Caregiverlist.com, a website involving elder care, compiled information from more than 18,000 long-term care nursing centers as well as in-home senior care options. The options are easily searched by zip code or state.
Julie Northcutt, chief executive officer of caregiverlist.com, said many Americans do not realize the true cost of long-term care.
"Nursing home care has become the place for rehabilitation after a hospital stay, and seniors and their families often have not planned ahead for these costs, which Medicare does not cover," Northcutt said in a statement.
Medicare, the health insurance program for all seniors beginning at age 65, does not cover long-term care costs after 100 days; but Medicaid, for very low-income seniors, does cover nursing home costs but participants must meet a minimum annual income.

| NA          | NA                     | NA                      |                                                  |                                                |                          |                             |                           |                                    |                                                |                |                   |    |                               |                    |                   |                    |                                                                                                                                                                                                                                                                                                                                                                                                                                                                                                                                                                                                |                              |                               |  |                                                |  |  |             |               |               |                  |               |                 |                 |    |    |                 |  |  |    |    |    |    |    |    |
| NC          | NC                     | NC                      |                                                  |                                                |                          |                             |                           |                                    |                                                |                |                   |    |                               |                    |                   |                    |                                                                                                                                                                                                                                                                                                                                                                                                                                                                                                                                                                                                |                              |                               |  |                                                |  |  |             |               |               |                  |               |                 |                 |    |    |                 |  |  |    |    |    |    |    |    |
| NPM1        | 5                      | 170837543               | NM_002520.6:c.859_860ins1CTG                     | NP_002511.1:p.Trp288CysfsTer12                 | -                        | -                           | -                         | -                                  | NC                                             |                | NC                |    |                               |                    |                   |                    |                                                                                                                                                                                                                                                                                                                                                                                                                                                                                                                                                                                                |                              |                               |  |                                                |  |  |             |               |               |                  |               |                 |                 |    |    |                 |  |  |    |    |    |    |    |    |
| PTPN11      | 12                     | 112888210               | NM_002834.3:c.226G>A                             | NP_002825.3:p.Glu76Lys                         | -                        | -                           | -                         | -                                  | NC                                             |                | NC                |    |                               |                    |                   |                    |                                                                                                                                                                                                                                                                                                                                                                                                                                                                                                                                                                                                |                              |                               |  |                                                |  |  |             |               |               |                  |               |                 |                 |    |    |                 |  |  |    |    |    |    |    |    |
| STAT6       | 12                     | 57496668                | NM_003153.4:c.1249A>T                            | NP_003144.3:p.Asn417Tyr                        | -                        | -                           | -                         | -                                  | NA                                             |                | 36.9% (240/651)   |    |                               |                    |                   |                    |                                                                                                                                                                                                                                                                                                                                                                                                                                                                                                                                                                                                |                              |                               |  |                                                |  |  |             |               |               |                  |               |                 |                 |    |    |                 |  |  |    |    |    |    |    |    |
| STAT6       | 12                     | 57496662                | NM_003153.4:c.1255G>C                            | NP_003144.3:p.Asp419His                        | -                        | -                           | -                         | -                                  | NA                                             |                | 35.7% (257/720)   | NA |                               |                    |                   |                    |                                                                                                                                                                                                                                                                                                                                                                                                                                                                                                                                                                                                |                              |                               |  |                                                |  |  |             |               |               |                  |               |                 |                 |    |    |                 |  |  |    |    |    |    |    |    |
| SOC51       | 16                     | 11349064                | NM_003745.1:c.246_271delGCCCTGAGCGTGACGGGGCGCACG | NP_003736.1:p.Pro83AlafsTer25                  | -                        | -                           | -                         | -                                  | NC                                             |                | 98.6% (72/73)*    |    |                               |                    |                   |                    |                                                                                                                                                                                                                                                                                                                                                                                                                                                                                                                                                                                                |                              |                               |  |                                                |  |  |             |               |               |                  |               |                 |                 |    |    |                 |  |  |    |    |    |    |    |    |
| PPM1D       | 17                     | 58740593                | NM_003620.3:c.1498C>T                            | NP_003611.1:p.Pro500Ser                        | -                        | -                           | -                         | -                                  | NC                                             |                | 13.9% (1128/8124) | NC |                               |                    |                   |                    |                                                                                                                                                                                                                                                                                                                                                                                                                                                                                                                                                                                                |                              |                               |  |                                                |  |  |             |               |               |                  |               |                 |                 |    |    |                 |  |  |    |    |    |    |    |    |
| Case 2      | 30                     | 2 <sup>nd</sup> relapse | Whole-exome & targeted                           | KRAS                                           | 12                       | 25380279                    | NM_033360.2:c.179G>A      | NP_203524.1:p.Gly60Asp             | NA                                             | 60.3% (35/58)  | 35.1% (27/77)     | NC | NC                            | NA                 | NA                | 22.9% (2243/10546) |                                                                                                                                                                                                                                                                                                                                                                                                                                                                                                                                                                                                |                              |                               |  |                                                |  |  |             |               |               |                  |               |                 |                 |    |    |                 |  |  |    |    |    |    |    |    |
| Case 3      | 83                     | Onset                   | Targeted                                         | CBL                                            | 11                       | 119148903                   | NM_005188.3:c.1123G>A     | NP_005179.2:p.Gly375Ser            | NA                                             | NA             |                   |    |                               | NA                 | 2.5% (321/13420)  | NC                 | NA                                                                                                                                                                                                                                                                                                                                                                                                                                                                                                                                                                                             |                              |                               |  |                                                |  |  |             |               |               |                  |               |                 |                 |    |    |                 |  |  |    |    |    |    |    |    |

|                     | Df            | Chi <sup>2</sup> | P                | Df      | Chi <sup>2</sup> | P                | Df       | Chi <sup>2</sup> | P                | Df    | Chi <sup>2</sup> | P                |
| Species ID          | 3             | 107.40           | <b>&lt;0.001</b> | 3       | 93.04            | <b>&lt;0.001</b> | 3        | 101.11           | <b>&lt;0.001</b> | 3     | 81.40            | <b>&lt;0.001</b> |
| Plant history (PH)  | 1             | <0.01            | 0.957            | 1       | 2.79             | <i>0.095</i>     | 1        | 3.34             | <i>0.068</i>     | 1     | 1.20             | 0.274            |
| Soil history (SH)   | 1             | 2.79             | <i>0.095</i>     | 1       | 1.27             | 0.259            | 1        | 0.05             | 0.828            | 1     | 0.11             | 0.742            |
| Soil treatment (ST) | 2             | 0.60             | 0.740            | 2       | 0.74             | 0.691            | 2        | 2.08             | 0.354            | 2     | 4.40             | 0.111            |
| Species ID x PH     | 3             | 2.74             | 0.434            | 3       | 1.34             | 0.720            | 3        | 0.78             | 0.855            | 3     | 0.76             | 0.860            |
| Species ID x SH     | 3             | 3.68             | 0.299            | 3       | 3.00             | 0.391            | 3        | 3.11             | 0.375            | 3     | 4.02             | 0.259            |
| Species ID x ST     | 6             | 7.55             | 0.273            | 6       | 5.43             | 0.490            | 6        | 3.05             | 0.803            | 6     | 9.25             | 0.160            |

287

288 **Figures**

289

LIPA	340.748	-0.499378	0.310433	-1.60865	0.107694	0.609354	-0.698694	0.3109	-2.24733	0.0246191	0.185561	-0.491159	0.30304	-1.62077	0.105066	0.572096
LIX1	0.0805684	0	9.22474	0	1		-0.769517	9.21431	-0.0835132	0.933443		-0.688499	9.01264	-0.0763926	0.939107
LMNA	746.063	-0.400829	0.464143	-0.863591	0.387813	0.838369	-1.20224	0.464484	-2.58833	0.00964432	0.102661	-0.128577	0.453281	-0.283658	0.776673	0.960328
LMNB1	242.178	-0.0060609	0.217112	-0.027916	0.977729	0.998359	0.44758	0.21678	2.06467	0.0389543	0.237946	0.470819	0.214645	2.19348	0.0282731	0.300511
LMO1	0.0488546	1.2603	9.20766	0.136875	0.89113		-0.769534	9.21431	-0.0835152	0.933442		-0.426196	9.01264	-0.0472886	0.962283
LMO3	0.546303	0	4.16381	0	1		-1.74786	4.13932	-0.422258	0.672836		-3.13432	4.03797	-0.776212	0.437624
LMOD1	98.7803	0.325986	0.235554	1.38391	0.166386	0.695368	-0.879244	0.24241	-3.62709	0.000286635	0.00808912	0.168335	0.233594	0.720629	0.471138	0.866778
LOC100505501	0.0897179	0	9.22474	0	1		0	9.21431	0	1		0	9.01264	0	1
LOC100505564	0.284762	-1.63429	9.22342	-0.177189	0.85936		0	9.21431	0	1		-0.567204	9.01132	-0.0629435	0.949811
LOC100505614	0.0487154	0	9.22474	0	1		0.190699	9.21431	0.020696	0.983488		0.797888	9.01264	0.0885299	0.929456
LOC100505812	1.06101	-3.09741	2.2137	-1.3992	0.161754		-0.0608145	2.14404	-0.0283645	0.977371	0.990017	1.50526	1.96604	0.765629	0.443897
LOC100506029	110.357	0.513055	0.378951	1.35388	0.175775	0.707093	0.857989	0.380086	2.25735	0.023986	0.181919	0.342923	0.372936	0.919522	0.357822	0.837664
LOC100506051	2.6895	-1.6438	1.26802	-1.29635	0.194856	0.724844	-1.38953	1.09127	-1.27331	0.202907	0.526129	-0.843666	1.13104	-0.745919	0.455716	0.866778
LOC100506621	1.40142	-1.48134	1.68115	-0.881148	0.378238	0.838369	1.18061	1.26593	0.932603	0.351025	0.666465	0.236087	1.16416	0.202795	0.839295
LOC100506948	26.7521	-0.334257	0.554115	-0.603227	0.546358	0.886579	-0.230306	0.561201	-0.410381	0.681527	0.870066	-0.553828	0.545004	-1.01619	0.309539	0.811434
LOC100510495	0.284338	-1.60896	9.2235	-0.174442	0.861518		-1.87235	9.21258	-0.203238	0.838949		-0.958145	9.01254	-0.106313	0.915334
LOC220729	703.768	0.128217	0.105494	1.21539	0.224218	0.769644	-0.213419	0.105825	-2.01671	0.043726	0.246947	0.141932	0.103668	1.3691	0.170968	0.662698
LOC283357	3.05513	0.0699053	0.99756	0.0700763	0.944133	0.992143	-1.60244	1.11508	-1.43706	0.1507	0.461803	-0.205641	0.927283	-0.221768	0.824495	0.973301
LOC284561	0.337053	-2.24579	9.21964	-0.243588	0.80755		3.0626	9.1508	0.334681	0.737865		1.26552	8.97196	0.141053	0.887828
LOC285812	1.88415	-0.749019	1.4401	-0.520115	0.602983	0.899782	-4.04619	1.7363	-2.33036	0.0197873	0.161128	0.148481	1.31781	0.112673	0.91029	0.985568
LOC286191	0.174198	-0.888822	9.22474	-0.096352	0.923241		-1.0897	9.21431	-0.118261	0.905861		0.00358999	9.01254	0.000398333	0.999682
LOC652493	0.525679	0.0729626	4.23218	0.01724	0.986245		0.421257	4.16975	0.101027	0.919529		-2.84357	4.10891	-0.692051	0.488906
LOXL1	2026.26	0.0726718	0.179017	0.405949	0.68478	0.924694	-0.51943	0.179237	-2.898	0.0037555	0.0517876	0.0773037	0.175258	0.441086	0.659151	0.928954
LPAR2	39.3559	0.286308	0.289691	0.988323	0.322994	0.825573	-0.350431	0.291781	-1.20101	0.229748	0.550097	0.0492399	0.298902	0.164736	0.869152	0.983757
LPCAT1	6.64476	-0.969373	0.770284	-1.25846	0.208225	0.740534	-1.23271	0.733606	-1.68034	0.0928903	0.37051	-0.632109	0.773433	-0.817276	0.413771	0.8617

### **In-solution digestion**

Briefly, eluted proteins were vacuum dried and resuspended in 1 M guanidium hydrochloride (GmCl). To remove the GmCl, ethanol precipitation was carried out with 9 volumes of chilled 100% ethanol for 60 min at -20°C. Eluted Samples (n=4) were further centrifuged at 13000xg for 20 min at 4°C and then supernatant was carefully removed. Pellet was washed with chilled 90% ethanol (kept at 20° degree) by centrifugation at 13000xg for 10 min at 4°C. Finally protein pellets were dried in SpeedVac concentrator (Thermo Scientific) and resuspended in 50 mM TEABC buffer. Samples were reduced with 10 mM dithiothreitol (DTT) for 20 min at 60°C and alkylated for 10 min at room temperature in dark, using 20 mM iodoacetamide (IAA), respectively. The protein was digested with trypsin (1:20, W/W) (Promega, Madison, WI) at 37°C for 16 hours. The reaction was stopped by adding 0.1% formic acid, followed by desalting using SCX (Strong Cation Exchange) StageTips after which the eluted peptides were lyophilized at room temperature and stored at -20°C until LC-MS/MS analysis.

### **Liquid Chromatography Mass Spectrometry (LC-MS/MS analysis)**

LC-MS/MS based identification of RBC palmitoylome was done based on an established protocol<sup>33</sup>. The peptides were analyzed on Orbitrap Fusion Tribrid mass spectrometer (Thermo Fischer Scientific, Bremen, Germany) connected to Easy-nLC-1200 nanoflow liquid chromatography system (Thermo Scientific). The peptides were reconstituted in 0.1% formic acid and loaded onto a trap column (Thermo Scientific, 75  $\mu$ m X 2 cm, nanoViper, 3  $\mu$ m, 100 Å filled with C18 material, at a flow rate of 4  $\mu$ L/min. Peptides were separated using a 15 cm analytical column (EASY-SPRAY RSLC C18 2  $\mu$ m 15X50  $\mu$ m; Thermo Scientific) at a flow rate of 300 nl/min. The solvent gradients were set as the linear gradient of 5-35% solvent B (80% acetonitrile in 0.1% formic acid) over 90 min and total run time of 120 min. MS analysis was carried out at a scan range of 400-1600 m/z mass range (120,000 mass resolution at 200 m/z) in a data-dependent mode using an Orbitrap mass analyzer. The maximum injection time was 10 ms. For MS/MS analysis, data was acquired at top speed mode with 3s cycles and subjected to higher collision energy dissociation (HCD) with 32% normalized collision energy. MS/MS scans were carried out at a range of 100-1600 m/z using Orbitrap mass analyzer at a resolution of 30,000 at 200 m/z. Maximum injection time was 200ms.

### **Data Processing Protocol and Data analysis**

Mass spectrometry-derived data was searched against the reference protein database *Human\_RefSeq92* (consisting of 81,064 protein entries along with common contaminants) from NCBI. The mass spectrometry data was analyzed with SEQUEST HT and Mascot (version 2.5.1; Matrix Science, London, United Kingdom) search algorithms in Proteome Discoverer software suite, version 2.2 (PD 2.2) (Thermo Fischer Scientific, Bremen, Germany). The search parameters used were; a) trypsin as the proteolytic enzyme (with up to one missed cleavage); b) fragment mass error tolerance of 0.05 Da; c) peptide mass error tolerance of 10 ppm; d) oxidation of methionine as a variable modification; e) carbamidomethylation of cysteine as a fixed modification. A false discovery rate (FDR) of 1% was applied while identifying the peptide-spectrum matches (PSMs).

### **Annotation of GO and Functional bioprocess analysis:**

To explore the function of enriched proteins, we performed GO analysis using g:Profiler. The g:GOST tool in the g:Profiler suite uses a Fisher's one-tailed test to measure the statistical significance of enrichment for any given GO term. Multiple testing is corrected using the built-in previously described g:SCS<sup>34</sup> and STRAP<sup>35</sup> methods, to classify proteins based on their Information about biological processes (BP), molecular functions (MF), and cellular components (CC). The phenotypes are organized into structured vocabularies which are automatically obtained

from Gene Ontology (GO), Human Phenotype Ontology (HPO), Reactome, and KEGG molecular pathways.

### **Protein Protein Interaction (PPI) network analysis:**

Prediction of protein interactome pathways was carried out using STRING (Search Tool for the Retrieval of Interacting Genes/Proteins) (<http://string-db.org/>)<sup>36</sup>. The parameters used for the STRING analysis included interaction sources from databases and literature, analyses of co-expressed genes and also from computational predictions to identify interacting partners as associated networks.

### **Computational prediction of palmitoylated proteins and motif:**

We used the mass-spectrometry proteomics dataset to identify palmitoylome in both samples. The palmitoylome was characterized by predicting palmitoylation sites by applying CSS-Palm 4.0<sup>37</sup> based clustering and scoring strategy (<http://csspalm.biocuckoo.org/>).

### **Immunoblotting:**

Senior medicaid care varies from state to state, but most states spend about one-half or more of their Medicaid budget on nursing home care or care for the elderly. Some patients "spend down" their bank accounts in order to qualify for Medicaid, Northcutt added.
Prices seniors and their families face include:
-- Nursing home costs range from $180-$400 a day or $5,400-$12,000 a month.
-- A private nursing home room can cost up to $493 a day or $14,790 a month.
-- Senior home care costs $16-$26 per hour for hourly care.
-- 24-hour live-in care ranges from $150- $280 per day.
-- Assisted living costs range from $2,500-$5,000 a month.
-- Continuing care retirement community on average costs a down payment of $250,000 with a $4,000 monthly rental fee. These facilities guarantee lifetime housing, social activities and increased levels of care including nursing home care.
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